When rural people with epilepsy can’t drive because of their condition, they’re often faced with an additional challenge: no nearby epilepsy specialists and no way to get to one.
“When rural people with epilepsy can’t drive because of their condition, they’re often faced with an additional challenge: no nearby epilepsy specialists and no way to get to one,” she said. “These transportation issues heighten the need for self-management programs, but we can’t lose sight that for some rural patients, they’re dealing with broadband limitations for both virtual appointments and online education.”
Epilepsy Foundation: Addressing Education and Stigma
Sara Franklin is the Epilepsy Foundation’s community engagement director. She talked about the organization’s work with CDC to create Seizure First Aid training for schools, law enforcement, and other organizations. Over the past several years, Franklin said this training has met with marked success.
“There’s a lot of myths around seizures,” she said. “For example, inserting something into a seizing patient’s mouth to prevent them from swallowing their tongue is the wrong thing to do. People need more education. In around 90 minutes, Seizure First Aid training provides the lay public with information about how to recognize different types of seizures, what to do when someone has a seizure, and when to call for emergency help.”
As public health experts might predict, Franklin mentioned an additional valuable program result: decreasing epilepsy’s stigma.
“We’ve also discovered from feedback that just providing education about epilepsy, the increased awareness about the condition decreases the stigma around the condition,” she said, again noting that stigma is a major challenge for people living with epilepsy.
Seizure Safe Schools
Prior to the travel restrictions imposed by the COVID-19 public health emergency, Franklin shared that rural communities, in particular, have been receptive to the Seizure First Aid training. Additionally, she said these communities have been integral to the Epilepsy Foundation’s nationwide initiative to pass Seizure Safe Schools legislation in all states. Franklin said core to this legislation is the seizure first aid training for all school personnel.
“For decades, medications to stop seizures could only be delivered rectally by a trained medical provider,” she said. “That certainly caused barriers for a child in a rural school where a school nurse is not the usual. Now, these medications can be delivered nasally by people trained to do so. A child’s life can possibly be saved if the nasal spray can be administered. Think what this means for a child. Think what this means for a parent. Think what this means for whoever is approved to deliver that medication.”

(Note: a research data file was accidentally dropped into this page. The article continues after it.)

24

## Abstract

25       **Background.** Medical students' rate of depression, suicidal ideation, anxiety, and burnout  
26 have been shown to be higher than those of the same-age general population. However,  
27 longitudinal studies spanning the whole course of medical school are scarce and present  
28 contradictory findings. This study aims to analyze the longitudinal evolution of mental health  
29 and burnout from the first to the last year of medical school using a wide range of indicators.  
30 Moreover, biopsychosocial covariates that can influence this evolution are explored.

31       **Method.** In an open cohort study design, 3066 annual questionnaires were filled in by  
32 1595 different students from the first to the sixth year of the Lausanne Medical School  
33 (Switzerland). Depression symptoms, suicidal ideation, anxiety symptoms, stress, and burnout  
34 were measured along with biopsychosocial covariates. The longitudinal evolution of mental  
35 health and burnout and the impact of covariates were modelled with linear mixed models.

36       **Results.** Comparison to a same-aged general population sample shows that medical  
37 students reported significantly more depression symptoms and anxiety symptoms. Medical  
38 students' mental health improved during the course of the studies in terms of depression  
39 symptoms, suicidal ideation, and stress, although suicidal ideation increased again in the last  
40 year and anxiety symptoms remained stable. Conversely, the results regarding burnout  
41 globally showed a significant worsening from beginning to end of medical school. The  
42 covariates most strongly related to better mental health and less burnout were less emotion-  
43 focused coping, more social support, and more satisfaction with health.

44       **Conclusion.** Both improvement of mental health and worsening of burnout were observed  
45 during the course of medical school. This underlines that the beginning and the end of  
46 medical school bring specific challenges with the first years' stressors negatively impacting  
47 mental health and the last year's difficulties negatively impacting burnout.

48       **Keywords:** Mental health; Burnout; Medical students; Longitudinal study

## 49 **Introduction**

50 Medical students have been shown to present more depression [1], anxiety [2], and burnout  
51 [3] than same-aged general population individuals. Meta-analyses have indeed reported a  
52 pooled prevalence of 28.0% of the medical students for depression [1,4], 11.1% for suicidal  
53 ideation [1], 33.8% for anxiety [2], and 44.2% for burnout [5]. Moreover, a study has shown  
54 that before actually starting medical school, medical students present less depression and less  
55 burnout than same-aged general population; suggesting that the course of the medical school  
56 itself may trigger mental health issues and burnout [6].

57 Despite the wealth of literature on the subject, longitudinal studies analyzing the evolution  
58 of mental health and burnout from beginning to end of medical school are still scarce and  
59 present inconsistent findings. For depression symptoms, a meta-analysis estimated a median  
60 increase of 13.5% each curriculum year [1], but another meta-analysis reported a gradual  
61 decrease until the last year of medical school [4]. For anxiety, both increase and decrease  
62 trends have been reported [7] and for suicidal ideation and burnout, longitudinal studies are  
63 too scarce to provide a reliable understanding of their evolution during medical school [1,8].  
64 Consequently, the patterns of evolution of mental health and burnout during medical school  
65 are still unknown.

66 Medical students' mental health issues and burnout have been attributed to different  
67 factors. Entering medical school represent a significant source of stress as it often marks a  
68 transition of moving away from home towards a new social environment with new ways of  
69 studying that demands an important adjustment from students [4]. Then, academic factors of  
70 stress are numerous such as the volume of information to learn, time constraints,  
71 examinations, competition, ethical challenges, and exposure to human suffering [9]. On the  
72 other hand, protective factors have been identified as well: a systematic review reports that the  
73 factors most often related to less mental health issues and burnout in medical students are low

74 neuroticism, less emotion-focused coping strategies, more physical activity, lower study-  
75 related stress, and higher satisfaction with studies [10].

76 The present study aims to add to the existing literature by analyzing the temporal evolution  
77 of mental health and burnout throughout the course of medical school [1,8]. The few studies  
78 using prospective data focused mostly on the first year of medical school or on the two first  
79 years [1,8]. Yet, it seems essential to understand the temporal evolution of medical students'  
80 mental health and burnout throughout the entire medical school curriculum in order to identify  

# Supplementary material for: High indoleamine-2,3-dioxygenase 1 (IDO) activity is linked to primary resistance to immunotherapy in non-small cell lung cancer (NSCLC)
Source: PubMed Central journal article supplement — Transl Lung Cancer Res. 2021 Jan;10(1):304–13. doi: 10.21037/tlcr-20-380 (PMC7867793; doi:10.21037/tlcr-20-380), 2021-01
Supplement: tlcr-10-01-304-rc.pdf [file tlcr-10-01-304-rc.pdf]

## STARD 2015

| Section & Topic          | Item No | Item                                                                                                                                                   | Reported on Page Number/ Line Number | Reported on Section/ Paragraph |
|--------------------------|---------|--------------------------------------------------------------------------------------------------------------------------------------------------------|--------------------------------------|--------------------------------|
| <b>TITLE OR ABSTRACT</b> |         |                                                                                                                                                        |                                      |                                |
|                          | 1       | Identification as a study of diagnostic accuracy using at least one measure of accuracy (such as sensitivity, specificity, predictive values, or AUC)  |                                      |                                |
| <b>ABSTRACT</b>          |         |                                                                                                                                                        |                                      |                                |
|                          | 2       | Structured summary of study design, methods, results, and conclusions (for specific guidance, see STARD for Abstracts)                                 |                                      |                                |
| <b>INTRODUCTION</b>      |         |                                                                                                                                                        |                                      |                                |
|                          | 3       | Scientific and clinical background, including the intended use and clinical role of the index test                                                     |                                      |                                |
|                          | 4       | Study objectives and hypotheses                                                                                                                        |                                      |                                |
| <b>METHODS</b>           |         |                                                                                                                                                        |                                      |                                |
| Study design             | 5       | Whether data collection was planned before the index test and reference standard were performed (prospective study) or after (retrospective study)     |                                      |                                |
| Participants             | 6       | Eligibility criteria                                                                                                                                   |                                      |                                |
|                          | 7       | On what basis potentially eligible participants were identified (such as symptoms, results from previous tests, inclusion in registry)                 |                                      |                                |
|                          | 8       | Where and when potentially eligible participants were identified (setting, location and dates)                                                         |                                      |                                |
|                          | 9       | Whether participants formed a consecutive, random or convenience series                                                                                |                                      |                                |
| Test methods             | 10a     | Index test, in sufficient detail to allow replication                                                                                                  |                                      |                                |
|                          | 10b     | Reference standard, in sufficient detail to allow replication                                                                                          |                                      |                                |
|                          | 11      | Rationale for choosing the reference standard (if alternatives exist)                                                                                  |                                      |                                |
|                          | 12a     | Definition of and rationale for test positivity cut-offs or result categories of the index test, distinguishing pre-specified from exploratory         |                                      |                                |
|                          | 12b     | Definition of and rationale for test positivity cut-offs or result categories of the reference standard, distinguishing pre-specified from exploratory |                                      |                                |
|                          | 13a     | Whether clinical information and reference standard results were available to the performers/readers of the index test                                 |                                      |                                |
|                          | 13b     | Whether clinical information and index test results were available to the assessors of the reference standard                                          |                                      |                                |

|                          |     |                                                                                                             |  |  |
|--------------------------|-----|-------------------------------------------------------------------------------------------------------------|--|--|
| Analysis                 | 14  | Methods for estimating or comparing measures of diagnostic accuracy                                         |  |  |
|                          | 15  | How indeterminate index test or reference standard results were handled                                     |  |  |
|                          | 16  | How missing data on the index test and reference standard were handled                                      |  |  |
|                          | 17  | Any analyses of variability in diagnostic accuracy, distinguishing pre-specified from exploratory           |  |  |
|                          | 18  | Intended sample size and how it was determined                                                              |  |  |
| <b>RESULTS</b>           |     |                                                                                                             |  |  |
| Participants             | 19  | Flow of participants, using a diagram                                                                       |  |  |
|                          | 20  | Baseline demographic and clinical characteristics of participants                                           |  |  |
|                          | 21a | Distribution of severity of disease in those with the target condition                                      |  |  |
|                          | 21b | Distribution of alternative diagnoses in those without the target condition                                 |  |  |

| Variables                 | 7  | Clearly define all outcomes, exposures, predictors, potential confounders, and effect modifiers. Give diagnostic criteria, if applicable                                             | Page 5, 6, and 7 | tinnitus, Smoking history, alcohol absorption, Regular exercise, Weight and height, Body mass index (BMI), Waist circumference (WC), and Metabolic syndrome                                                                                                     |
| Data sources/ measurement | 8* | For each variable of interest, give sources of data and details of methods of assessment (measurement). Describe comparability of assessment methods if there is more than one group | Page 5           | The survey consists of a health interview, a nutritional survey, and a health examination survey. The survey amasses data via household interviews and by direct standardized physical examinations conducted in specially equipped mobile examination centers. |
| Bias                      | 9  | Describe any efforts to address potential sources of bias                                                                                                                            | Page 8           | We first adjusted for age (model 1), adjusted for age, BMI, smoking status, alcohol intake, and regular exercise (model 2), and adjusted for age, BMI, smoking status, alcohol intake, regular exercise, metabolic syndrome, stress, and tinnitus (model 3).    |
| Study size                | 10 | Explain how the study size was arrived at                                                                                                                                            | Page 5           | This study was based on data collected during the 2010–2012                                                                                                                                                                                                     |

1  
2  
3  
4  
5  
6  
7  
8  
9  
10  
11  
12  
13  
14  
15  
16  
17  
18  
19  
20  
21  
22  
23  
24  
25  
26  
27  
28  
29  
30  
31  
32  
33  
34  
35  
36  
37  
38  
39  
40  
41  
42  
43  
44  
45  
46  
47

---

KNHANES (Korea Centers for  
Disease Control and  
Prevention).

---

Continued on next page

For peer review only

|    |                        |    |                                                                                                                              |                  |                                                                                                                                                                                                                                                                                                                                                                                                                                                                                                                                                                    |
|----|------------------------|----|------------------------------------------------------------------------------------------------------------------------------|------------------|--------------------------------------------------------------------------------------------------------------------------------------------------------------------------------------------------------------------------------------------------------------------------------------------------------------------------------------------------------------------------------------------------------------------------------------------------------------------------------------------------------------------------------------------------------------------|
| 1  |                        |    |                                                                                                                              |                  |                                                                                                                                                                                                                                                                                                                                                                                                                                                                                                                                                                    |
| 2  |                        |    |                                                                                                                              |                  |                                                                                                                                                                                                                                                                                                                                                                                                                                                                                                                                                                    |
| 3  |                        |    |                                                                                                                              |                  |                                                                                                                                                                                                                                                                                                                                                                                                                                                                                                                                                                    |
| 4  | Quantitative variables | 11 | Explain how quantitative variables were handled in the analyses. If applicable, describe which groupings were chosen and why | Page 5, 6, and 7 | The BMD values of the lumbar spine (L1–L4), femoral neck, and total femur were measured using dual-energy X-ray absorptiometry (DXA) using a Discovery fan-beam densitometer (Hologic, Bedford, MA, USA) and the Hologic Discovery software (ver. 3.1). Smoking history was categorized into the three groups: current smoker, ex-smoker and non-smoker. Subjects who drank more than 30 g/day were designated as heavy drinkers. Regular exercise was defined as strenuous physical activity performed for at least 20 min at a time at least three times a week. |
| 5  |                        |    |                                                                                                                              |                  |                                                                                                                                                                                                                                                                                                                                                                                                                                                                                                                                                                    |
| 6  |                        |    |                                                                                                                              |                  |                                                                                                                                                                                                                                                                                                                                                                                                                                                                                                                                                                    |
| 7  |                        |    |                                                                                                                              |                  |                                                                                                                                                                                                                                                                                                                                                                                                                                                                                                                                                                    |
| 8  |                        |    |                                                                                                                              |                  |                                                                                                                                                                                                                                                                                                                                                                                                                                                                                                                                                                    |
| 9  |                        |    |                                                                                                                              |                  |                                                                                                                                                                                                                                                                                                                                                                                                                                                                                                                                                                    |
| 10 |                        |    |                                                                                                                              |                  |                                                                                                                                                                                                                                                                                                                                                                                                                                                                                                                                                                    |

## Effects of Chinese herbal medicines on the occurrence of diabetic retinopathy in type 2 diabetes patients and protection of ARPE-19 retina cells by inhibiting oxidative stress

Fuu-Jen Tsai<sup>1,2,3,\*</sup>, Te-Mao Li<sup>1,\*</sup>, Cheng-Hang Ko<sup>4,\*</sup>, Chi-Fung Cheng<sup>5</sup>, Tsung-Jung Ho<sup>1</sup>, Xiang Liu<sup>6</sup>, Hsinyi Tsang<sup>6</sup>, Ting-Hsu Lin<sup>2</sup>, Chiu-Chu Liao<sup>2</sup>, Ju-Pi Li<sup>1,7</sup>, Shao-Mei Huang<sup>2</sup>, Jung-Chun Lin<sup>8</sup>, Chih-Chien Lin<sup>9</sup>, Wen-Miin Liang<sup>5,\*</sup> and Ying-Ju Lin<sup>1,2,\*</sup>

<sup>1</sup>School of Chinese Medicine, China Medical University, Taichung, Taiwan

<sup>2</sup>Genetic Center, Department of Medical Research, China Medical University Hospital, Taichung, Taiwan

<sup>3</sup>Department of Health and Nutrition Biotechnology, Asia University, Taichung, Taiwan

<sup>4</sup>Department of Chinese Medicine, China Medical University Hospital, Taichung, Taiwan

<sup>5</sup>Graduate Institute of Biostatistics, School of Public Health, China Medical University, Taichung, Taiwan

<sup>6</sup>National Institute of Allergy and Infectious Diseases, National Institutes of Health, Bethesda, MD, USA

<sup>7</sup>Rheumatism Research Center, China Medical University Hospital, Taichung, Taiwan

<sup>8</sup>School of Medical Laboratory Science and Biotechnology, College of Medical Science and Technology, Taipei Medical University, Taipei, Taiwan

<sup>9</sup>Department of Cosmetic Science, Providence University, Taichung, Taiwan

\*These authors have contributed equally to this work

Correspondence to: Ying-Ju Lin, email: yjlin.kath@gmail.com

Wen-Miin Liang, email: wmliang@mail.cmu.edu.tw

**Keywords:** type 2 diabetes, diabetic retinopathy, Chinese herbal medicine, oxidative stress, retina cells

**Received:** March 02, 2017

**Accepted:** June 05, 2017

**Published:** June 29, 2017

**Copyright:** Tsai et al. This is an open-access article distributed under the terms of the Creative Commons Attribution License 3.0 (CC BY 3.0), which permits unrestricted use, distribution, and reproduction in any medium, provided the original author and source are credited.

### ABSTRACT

Franklin said she is in absolute awe of the number of states that have enacted Seizure Safe Schools legislation: To date, 12 states have passed legislation, 3 more states have active bills, and for 2022 the foundation is advocating in 15 more states.
Educating the Rural Healthcare Workforce
Experts noted that for all chronic diseases, outcomes are time and time again linked to accessing knowledgeable healthcare providers. Getting clinical epilepsy information to rural providers is no exception. Though no rurality was included, a 2020 report looking at national survey data found that most participants with active epilepsy did see a general doctor. However, one in 10 patients did not see a general doctor or an epilepsy specialist within a 12-month period. This data point translates to 290,000 adults not accessing a medical provider.
This 2020 report supported findings from a previous rural-inclusive study, the Connector’s Project. Involved with the Connector’s research, AAN’s Sirven described details of its 2018 claims data analysis and mentioned several goals, including a better understanding of access to care for epilepsy patients in rural and other underserved areas.
“We learned there were two major barriers in moving the access needle: resources and having the right people and providers to connect to,” he said, stating that the study also revealed other impactful upstream issues.
These studies and others with similar findings highlight the need to provide education for rural providers caring for RPWE. To meet this need, both Kobau and Franklin talked about their partnership supporting the University of Cincinnati’s neurology/epilepsy Project ECHO®. Led by five university-based epileptologists, the group has also published participation outcome data. One participant who described their practice as located in “a very rural area” said, “It takes five months to get a referral to a neurologist and months for referral to psychiatry for patients with or without insurance…appreciate all insights related to what primary care can do.”
Understanding the rural role of community health workers (CHWs) in addressing care gaps, Kobau pointed to CDC’s new CHW training curriculum in epilepsy self-management. Used to train CHWs in Texas, New Hampshire, and other states, the formal training is provided by the HOBSCOTCH Institute, Dartmouth-Hitchcock Epilepsy Center.
Rural Epilepsy Clinical Care: Conversations from Equity to Driving
Stepping away from her research efforts, Ghearing spoke from her perspective as an epileptologist providing care to RPWE. She again pointed to the fact that because epilepsy is no less common in rural communities, RPWE need equitable access to care in order to have an equitable chance for good seizure control in order to live a quality life.